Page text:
Regardless of whether you’re running a website to provide a service, promote your business, or simply share your thoughts and hobbies with the world, you ultimately want as many people as possible to find it. The bigger the audience, the better — and the key to having a big audience is achieving strong search rankings for relevant terms.
That’s where SEO (search engine optimization) enters the picture, giving you various different ways to make your website more likely to rank well when it matters. There are distinct types, but the core type is on-page SEO — making changes to the content and configuration of your website to improve its chances of winning traffic.
In this piece, we’ll cover the basics of on-page SEO. Let’s get started.
Whether it’s for general browsing or ecommerce, we increasingly use our smartphones to engage with the internet, and this has changed what’s required of a good website. Google tests the pages it crawls to determine how suitable they are for mobile browsing — sites that don’t don’t pass muster can be flagged up in search rankings to warn searchers away.
Fortunately, this is generally as simple as using a decent modern mobile-responsive CMS to build your site. Anything that’s consistently updated, has strong support and provides high-quality templates from the outset should be fine. If your site is sufficiently outdated that it doesn’t meet those criteria, it’s time to move to a new platform.
Mobile-friendliness is also something you should consider when creating content — include details like one-click phone numbers, embedded maps, FAQs, listicles, and other mobile usability features that will elevate your mobile customer experience.
SEO is a complex discipline that spans technical, UX, content, customer experience, and usability considerations. By keeping abreast of the latest (mobile) developments, you will be investing in onpage SEO where it matters — on the platform currently most frequented by users.
Aside from being mobile-friendly, your site also needs to be able to operate quickly, even when accessed using slow connections. Mobile connections tend to be fairly fast these days, but signal strength still fluctuates: what happens if someone tries to access your site in the middle of a bad signal area? If your site isn’t optimized for speed, it’ll likely be so slow that they give up.
The more you can boost your speed, the better your site will look to the visitors, and the more time they’ll spend on it. In this way, your site speed does have a significant impact on its likelihood to rank well. Use a good website host, get rid of any unnecessary content on your site that might slow it down, and use Google’s PageSpeed Insights or GTmetrix to test your performance.
Every page on your website needs a concise and meaningful meta title, as well as an informative and enticing meta description. For the former, you should include your primary keyword (what the page is about) plus some secondary keywords if you have room, but keep it fairly short. For the latter, you should give the reader a reason to click — this is because the meta description is often (though not always) used as the main text of the Google result.
If you’re not sure how well your metadata represents your page, it’s a good idea to get some inspiration from existing sites, particularly those already optimized for SEO. Take a look at your favorite websites to see how they use title text. How do you rate their efforts? Which pages are titled well, and which ones have titles that cause confusion?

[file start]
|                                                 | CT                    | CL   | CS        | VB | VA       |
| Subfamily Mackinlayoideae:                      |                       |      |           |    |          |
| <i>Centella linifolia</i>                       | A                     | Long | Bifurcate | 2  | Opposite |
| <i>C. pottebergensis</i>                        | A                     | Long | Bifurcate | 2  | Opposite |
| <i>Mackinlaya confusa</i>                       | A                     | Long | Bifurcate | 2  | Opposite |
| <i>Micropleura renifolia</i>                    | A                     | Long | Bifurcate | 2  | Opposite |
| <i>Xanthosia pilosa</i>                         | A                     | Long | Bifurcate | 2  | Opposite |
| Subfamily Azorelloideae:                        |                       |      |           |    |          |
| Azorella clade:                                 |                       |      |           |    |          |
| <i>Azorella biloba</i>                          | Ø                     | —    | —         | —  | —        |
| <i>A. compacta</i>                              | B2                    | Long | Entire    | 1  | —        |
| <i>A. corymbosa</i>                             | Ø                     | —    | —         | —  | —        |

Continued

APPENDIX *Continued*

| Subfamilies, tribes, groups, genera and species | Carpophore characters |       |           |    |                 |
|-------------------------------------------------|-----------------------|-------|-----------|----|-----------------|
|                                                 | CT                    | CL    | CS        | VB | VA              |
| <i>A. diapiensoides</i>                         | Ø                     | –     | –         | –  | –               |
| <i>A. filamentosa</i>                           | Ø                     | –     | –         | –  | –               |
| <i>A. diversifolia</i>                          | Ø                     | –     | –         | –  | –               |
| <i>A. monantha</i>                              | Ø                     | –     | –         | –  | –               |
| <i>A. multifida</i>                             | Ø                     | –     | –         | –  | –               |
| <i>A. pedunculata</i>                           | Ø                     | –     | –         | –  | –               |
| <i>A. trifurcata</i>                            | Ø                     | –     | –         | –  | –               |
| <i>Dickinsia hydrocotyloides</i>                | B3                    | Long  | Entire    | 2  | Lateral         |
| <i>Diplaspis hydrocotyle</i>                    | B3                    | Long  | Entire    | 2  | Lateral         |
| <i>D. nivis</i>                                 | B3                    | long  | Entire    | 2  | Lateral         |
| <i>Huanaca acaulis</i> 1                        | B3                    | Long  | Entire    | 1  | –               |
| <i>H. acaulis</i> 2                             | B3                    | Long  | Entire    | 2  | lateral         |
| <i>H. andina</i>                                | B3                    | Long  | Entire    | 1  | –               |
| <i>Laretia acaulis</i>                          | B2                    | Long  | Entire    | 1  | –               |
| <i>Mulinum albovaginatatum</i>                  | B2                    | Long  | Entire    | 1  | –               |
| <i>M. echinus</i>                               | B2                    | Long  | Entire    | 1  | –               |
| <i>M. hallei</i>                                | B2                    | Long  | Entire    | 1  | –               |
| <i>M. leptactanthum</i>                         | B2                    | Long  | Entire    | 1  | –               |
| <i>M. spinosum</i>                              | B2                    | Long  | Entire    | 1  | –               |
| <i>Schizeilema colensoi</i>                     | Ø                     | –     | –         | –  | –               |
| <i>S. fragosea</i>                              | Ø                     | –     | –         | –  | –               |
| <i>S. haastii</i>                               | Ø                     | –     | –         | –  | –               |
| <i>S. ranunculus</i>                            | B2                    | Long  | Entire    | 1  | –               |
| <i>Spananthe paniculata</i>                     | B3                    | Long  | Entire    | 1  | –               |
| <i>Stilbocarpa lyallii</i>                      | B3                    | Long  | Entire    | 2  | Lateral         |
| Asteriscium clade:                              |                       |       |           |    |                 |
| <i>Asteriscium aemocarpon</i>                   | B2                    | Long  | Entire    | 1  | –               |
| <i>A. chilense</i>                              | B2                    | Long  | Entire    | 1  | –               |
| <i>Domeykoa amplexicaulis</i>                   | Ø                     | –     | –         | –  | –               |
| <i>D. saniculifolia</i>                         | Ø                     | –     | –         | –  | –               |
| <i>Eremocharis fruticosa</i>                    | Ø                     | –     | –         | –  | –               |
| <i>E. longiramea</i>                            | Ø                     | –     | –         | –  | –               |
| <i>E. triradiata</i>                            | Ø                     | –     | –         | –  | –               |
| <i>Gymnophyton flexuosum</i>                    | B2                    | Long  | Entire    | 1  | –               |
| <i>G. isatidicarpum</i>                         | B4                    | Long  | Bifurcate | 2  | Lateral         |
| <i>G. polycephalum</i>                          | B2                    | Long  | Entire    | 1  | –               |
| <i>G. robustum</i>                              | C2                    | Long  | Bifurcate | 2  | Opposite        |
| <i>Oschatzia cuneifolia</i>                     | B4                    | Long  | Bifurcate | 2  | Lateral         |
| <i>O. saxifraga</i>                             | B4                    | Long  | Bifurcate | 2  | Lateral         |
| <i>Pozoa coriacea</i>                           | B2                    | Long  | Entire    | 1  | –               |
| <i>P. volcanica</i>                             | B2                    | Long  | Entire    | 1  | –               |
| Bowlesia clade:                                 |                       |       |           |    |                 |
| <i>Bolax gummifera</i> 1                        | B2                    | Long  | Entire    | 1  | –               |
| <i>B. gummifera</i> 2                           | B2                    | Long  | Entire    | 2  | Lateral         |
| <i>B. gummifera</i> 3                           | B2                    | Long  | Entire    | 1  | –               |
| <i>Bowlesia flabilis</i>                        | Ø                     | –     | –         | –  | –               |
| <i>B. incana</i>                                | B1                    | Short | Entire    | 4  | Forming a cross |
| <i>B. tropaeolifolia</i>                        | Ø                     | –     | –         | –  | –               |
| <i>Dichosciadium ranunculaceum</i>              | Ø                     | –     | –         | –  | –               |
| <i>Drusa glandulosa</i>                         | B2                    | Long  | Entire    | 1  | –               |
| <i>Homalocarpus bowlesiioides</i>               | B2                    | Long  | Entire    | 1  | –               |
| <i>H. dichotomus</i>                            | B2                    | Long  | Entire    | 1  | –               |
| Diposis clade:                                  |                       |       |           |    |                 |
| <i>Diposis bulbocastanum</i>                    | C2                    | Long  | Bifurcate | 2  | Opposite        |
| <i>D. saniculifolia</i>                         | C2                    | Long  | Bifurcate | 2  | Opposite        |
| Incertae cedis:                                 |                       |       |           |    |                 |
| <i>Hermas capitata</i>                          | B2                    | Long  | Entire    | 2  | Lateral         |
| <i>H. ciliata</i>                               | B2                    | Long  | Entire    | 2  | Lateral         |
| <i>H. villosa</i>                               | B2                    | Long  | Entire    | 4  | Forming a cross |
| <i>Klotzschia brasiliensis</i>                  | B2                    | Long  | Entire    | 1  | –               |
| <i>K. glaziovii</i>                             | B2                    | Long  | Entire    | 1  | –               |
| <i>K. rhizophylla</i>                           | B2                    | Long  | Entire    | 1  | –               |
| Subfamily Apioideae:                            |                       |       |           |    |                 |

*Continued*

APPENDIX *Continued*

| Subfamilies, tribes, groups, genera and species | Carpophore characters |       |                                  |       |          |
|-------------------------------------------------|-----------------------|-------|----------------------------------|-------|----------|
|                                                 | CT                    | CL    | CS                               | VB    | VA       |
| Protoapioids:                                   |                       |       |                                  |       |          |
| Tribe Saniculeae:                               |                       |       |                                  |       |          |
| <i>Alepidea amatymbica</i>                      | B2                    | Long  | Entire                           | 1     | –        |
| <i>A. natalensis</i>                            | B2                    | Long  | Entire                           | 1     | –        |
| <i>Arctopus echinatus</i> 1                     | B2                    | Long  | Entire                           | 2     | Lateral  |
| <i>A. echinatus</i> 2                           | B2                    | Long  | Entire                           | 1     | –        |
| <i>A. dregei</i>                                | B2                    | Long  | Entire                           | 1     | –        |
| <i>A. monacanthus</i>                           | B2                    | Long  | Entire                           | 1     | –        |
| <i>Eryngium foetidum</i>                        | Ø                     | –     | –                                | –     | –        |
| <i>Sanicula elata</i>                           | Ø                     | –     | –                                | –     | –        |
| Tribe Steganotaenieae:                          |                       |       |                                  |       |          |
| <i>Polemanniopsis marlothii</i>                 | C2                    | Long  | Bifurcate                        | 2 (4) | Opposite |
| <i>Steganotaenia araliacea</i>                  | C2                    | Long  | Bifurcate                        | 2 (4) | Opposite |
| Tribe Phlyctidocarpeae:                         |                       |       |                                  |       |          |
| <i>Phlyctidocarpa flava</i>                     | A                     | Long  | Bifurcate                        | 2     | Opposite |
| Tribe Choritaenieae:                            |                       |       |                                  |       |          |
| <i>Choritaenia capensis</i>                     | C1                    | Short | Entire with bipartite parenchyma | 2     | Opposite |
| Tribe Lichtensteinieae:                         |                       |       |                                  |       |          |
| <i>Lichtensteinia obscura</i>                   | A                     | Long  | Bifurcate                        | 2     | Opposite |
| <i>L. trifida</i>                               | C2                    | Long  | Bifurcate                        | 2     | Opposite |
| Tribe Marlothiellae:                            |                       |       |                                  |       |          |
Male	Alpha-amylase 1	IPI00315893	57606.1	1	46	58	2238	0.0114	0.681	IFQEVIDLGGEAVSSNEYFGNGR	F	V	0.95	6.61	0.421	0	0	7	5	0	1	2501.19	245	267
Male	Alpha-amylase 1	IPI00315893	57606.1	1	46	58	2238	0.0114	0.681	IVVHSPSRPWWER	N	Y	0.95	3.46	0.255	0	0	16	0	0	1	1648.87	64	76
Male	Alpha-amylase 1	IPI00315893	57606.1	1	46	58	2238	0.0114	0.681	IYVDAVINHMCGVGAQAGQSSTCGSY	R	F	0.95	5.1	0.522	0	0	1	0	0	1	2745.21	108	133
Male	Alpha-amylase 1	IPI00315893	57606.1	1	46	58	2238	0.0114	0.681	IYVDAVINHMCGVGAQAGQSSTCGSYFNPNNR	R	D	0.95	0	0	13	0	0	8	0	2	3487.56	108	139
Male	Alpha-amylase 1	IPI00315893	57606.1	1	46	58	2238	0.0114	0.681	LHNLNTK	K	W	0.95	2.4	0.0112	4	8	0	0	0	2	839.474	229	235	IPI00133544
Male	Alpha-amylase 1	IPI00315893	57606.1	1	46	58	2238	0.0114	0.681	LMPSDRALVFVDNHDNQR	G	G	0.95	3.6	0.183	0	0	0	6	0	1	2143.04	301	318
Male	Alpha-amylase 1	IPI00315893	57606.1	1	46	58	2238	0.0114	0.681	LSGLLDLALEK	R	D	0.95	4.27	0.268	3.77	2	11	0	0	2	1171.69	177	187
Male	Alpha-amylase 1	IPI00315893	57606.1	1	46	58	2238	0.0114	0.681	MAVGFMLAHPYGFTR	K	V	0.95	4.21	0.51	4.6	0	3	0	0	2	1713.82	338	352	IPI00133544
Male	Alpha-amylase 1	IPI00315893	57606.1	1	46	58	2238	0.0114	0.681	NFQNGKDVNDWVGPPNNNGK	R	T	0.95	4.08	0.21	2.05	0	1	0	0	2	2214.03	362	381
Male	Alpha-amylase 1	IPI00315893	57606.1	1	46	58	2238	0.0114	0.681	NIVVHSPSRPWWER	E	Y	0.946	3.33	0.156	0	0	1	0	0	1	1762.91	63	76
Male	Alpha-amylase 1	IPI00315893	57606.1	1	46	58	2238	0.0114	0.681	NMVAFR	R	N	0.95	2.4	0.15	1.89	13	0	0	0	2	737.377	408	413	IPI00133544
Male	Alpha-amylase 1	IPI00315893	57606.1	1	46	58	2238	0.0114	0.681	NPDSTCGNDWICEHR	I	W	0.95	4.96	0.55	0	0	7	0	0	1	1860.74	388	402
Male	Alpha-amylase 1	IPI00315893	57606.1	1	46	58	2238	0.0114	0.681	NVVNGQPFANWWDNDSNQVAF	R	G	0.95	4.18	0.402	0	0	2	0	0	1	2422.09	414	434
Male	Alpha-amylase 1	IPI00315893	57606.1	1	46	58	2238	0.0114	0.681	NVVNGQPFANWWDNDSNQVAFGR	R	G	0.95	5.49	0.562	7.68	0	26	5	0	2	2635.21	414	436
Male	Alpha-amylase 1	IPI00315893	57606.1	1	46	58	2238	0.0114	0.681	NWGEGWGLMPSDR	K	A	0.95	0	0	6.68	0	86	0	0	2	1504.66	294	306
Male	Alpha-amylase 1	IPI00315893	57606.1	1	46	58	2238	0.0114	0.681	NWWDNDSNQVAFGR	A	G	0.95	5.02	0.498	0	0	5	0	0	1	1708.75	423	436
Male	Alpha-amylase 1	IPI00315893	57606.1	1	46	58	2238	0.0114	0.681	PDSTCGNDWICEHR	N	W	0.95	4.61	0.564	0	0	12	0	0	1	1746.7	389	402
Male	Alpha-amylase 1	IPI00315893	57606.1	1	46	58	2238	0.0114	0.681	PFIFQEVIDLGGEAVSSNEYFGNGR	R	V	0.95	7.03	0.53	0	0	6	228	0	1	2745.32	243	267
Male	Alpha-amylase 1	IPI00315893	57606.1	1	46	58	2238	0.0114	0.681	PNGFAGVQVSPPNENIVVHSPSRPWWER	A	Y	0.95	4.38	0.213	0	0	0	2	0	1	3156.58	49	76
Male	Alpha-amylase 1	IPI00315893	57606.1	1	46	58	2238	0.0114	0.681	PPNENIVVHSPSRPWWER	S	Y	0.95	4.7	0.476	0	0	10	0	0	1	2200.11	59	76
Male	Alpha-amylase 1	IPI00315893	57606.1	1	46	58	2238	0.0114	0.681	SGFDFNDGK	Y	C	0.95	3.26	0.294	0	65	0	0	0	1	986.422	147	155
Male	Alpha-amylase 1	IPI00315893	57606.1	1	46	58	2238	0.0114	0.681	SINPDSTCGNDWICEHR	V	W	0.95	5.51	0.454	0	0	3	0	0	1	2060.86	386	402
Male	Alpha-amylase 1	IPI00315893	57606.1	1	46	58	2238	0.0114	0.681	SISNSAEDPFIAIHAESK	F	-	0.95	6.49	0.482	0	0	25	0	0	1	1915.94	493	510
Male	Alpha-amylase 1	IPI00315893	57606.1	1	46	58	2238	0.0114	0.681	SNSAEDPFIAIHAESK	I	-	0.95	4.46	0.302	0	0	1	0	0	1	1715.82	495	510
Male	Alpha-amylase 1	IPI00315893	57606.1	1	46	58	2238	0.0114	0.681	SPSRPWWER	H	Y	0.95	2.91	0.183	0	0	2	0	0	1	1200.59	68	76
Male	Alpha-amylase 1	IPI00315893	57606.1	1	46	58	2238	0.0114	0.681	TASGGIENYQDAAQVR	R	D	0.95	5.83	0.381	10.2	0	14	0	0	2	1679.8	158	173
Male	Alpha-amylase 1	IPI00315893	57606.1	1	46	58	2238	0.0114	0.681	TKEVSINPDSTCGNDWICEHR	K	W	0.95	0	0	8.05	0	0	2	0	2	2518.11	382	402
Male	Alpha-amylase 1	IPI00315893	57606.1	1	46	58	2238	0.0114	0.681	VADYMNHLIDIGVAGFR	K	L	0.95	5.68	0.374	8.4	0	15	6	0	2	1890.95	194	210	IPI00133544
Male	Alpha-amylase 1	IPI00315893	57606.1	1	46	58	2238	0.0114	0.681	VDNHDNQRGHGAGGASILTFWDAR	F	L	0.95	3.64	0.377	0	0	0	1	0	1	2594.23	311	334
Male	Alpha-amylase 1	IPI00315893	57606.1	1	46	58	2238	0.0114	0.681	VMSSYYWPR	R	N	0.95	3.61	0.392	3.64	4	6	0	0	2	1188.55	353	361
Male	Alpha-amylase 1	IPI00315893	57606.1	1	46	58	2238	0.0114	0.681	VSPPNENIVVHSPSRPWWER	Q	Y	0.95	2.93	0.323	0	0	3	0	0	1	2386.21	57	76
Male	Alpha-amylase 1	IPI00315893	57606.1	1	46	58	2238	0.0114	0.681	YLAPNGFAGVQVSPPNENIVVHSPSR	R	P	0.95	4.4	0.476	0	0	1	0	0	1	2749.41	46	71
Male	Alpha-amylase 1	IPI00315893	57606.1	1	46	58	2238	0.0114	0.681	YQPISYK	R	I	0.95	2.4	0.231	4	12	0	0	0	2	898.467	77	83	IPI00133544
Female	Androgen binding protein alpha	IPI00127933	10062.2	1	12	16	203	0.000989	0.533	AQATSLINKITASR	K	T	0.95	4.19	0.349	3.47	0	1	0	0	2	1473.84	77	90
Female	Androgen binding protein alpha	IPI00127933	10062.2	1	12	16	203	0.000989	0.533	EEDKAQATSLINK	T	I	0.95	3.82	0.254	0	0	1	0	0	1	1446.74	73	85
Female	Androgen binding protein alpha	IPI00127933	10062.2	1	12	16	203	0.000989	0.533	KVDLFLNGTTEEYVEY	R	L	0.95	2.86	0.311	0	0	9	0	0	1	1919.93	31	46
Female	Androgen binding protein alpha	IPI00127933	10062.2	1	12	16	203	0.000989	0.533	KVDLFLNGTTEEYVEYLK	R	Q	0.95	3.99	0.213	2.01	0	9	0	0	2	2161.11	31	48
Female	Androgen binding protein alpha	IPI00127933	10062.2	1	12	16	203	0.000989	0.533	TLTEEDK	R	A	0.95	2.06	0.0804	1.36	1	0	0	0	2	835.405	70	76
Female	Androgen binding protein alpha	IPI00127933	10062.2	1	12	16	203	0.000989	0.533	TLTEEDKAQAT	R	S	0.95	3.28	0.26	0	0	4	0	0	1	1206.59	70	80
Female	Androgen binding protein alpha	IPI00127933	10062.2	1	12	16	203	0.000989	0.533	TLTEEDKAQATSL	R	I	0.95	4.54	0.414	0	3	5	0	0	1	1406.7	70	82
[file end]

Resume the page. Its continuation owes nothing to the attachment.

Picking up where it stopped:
Rather than looking at a broad range of website for inspiration, you want to hone down on your niche, and websites for sale are a great place to start. The type of small ecommerce stores you’ll find on marketplaces are typically optimized in every aspect for their niche and are built by entrepreneurs that know how to generate traffic as fast as possible. For the best examples, remember to filter by your industry and by the sites with the highest monthly revenue.
Neither Google nor the average reader likes hyper-dense content (typically giant blocks of text with no clear delineation). That’s why you need to break up your content however you prefer: well, subheadings are vital, but beyond those you can use bullet points, tables, images, etc.
Think about someone reading your page from a mobile device — text that looks fine on a desktop screen might look massive on a smartphone, after all. Separate each page into a selection of meaningful chunks, so that each one can be consumed separately and still mostly make sense without external reference. It’ll look better, and rank better.
A great deal of a website’s utility lies in its ability to direct readers towards value: a lot of that value can be provided on the page being visited, but you shouldn’t stop there. Some people fear including links on a page because they take people away, but when you offer citations and valuable resources to your visitors, they’ll remember that assistance.
You should aim for a good mix of external and internal links. Good external links provide context, sources for claims, or resources that will help the reader get things done. Good internal links, however, further reinforce the overall value of your site, and help you keep a reader there for even longer.
If you cover all of these basics, you should get your website into a reasonable state for ranking in the SERPs. Of course, that’s just the start of your SEO adventure — there’s so much more to do if you hope to perform optimally, so keep making improvements.